Criteria for 'better' environmental decision-making
The political and institutional context in which environmental decisions will be made in the new millennium is the product of two deep-seated transformations. The first is a continuing shift away from a process of policy-making dominated by state action at the global and national level, to a more complex, multi-level system of environmental governance. This links global processes, through activities at the regional and the local, to the individual consumer or citizen via a series of interconnections. The term 'governance' captures the transition to a more poly-centric mode of environmental decision-making and refers to the emergence of new styles of governing in which the boundaries between public and private sector, national and international are more blurred.

The second change is the slow but steady extension of environmental imperatives into previously 'non' environmental sectors such as agriculture, trade and energy production. The challenge for policy-makers at all levels of governance is to find the means of securing environmental policy integration, rather than treating the 'environment' as a discrete, self-standing area of decision-making one step removed from the driving forces of environmental change.

Decision tools are needed to support and inform environmental decisions made at each of the different levels and in the various sectors to ensure the overall mix is consistent and supportive of sustainability. One of the key research challenges is to identify opportunities for scaling up or scaling down the experience of successfully applying tools at particular levels. There is an equally urgent need for tools that promote coordinated decision-making across sectors and levels of governance in pursuit of sustainable development.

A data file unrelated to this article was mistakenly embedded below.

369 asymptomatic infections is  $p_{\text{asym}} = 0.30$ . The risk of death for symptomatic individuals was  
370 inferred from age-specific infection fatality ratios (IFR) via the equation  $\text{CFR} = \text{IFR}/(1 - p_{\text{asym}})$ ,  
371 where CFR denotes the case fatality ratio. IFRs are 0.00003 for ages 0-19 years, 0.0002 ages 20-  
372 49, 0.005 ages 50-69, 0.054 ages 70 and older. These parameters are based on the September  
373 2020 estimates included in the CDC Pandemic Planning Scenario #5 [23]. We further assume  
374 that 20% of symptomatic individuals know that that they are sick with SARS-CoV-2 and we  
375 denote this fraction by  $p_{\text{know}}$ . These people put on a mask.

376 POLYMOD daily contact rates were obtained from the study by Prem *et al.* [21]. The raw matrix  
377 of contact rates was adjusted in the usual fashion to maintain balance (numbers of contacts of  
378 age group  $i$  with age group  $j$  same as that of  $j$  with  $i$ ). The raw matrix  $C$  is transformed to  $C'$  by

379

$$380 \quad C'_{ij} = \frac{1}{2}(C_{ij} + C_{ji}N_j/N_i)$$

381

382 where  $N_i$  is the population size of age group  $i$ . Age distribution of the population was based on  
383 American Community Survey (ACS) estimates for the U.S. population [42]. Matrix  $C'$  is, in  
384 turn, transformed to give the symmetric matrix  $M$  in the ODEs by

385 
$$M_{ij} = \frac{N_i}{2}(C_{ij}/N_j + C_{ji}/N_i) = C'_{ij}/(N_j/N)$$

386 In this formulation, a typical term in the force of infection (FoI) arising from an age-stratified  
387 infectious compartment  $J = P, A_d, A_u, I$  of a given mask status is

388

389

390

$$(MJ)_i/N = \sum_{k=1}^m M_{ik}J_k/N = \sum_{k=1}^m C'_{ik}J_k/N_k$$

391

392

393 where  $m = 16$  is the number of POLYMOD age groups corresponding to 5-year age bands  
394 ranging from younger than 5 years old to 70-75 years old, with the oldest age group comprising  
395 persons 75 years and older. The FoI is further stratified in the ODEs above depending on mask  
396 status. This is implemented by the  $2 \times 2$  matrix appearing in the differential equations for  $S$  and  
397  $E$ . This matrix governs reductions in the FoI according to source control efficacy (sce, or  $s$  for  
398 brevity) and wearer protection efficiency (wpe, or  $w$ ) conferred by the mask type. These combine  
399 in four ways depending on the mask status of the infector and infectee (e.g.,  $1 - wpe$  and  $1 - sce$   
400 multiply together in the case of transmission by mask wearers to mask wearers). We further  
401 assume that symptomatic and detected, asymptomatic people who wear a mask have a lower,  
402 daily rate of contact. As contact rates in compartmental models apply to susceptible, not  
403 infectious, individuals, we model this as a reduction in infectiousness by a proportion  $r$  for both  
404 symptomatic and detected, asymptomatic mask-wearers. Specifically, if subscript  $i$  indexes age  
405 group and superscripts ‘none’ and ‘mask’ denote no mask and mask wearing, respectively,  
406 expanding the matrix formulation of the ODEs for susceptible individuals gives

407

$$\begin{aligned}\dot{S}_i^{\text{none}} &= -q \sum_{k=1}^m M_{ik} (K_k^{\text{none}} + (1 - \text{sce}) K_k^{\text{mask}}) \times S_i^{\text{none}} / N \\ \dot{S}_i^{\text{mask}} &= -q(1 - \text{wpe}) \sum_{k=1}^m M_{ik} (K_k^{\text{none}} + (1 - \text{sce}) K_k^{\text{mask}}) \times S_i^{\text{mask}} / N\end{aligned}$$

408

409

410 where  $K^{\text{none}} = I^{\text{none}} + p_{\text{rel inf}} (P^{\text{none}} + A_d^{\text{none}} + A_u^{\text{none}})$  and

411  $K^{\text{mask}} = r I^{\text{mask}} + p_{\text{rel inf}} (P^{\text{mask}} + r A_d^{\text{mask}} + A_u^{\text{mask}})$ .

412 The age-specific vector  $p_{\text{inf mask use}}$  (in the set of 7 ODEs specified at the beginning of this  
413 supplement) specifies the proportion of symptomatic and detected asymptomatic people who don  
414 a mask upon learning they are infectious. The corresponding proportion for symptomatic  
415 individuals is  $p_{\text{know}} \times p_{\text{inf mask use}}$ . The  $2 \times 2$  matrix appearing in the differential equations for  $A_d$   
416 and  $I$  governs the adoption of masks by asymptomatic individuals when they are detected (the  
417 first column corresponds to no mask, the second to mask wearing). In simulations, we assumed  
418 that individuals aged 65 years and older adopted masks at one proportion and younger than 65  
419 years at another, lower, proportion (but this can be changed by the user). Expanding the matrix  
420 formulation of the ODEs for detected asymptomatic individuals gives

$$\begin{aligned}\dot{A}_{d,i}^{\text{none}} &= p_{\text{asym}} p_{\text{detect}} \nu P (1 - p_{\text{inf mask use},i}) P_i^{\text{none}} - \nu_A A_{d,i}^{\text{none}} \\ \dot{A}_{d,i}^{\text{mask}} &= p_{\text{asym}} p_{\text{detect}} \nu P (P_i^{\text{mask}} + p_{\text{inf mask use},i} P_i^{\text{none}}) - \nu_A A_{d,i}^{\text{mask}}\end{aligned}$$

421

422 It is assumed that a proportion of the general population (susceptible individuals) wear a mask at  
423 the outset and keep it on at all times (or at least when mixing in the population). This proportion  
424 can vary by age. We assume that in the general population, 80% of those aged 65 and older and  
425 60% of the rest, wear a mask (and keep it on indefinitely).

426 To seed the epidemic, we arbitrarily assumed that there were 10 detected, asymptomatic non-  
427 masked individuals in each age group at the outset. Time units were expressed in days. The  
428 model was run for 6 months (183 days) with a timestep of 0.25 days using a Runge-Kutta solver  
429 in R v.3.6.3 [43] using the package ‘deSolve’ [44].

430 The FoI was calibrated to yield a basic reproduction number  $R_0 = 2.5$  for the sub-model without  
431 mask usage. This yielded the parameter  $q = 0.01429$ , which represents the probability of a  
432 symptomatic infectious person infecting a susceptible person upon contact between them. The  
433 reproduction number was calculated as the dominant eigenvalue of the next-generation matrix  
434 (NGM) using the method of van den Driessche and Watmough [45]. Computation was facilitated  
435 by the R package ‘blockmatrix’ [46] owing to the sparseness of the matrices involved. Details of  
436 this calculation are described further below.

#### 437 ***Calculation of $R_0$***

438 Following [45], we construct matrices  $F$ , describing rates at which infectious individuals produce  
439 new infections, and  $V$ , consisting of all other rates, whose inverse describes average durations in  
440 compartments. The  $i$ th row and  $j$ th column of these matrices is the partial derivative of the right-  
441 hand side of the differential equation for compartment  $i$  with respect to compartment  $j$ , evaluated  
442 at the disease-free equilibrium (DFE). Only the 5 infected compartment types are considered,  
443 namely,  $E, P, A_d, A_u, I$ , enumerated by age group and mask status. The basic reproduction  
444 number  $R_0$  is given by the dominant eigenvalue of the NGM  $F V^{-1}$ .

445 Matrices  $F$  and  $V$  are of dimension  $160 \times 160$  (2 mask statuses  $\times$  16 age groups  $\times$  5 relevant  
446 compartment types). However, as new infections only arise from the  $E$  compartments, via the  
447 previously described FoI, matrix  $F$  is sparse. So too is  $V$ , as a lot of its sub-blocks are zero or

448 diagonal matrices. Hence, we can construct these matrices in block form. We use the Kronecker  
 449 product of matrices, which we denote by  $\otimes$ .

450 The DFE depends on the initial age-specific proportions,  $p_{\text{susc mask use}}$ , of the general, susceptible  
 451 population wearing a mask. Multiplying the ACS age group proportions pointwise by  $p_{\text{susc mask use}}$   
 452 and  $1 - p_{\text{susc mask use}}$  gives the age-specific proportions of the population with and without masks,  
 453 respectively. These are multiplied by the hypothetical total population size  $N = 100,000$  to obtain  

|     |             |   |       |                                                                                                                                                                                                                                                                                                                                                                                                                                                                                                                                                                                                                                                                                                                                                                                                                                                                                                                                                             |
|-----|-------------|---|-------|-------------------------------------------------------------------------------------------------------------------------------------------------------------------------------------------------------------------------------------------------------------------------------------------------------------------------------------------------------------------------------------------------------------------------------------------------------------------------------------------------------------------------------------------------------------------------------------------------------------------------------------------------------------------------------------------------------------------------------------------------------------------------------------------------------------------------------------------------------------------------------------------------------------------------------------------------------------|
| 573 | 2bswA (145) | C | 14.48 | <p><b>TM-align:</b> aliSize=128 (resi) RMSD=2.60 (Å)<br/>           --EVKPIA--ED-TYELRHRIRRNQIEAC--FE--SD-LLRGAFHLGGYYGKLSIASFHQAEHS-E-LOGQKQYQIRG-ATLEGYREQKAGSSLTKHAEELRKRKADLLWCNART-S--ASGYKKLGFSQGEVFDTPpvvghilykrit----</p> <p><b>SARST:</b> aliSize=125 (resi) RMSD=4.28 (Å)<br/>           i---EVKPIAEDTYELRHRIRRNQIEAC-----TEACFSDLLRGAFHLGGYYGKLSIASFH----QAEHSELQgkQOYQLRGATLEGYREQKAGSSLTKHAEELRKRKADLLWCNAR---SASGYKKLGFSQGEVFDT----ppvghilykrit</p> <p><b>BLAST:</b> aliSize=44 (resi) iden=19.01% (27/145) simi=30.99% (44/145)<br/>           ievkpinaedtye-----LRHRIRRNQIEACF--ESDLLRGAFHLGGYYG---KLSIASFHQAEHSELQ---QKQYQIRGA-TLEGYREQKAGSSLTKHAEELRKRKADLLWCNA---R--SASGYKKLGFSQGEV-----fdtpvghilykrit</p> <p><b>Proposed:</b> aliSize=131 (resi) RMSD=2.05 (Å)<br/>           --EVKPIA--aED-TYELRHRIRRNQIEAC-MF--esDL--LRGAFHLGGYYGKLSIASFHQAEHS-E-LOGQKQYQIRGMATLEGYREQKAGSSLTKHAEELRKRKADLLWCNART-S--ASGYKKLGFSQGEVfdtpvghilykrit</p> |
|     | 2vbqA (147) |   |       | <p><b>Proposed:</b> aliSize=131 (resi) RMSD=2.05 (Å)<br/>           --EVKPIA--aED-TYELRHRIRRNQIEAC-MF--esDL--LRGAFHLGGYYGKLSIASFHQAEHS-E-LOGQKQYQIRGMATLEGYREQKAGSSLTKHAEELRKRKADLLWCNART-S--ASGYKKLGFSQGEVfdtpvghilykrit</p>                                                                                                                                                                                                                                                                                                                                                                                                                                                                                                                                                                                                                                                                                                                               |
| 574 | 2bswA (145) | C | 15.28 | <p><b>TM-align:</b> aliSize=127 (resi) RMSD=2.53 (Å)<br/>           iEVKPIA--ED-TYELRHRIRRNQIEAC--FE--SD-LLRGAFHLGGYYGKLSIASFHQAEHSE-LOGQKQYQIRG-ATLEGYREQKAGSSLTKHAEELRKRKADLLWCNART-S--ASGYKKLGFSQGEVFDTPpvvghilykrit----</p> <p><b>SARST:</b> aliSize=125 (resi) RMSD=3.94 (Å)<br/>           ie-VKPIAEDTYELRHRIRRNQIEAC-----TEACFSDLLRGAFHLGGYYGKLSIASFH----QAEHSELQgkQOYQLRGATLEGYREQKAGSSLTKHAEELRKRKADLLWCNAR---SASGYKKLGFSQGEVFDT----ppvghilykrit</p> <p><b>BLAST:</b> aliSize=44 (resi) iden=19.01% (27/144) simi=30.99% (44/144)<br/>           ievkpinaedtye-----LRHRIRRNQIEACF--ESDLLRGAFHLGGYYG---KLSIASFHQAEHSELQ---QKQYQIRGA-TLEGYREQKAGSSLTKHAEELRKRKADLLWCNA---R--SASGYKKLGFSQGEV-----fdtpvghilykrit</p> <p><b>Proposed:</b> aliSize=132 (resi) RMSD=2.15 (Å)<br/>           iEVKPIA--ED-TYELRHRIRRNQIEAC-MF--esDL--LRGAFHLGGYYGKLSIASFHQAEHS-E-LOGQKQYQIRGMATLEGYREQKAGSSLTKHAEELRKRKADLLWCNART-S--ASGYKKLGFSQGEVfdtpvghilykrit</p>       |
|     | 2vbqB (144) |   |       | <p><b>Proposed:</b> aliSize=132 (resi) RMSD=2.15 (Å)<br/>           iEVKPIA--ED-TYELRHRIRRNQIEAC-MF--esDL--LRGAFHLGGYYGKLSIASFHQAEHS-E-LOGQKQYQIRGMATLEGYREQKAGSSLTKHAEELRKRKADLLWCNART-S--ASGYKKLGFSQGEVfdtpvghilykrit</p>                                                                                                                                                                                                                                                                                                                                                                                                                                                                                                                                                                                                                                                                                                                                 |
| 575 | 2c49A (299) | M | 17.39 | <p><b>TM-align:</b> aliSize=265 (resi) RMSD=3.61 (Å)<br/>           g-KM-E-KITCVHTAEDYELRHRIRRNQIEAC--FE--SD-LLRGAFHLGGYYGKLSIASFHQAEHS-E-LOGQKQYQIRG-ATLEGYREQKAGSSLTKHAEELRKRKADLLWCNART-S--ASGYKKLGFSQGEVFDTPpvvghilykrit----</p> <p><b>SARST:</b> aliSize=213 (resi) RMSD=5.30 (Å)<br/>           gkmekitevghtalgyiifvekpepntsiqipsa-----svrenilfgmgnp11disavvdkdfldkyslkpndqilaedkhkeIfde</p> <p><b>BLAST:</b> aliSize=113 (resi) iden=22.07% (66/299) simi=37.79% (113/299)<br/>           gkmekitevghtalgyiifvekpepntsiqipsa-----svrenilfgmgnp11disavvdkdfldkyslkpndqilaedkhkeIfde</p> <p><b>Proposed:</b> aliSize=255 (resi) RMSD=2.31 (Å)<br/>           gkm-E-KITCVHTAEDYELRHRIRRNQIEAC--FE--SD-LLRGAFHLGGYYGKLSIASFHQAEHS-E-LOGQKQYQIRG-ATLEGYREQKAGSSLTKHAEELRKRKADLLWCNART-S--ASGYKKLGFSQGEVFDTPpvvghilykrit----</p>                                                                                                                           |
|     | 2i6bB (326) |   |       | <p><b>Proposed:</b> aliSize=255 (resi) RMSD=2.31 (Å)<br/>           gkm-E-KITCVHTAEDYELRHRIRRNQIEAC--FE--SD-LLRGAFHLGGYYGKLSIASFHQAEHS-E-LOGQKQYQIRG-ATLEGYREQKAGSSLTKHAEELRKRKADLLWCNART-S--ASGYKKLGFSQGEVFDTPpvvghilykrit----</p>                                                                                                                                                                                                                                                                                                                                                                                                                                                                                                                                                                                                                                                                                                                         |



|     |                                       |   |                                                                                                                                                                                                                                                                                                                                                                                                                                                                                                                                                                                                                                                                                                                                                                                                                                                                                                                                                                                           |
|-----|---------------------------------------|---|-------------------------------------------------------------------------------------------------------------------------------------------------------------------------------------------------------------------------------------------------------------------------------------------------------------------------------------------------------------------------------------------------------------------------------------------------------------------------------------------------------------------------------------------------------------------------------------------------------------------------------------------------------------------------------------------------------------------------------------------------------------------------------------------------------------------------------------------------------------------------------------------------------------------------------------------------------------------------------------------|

Some of the criteria for effective environmental decision-making include:

  • Legitimacy: is the basis of informed consent to accept an agreed outcome by means that are judged to be accountable, fair, trusted and responsive to changing circumstances. Legitimacy is based on processes of governance that are inclusive and empowering, which increase resilience and reduce vulnerability in ecological and social realms.

  • Equity: is the assurance that legitimate interests are identified, incorporated, and assisted to be included in the process of achieving agreed outcomes. Equity also addresses issues of justice in terms of human and ecological rights, as well as responsibilities for abiding by shared outcomes.

  • Efficiency: is the condition that any decision taken must be one in which the consequent sustainability gains outweigh all the costs of implementation. That "benefit to cost" relationship, however, requires an integrated approach to participation and envisioning that explicitly incorporates the interests of the excluded as well as the connectivities of the natural world.

    Effectiveness: is that link to the natural world. Environmental decisions will only be effective if they are informed by natural-systems processes, variability, and change and its driving forces. Environmental decisions, therefore, need to buttress the resilience of those natural systems and ensure that human beings are not placed in a position whereby they undermine this resilience. Hence environmental effectiveness also means reducing social vulnerability as efficiently as possible.

    Source: CSERGE - ESRC Programme on Environmental Decision Making
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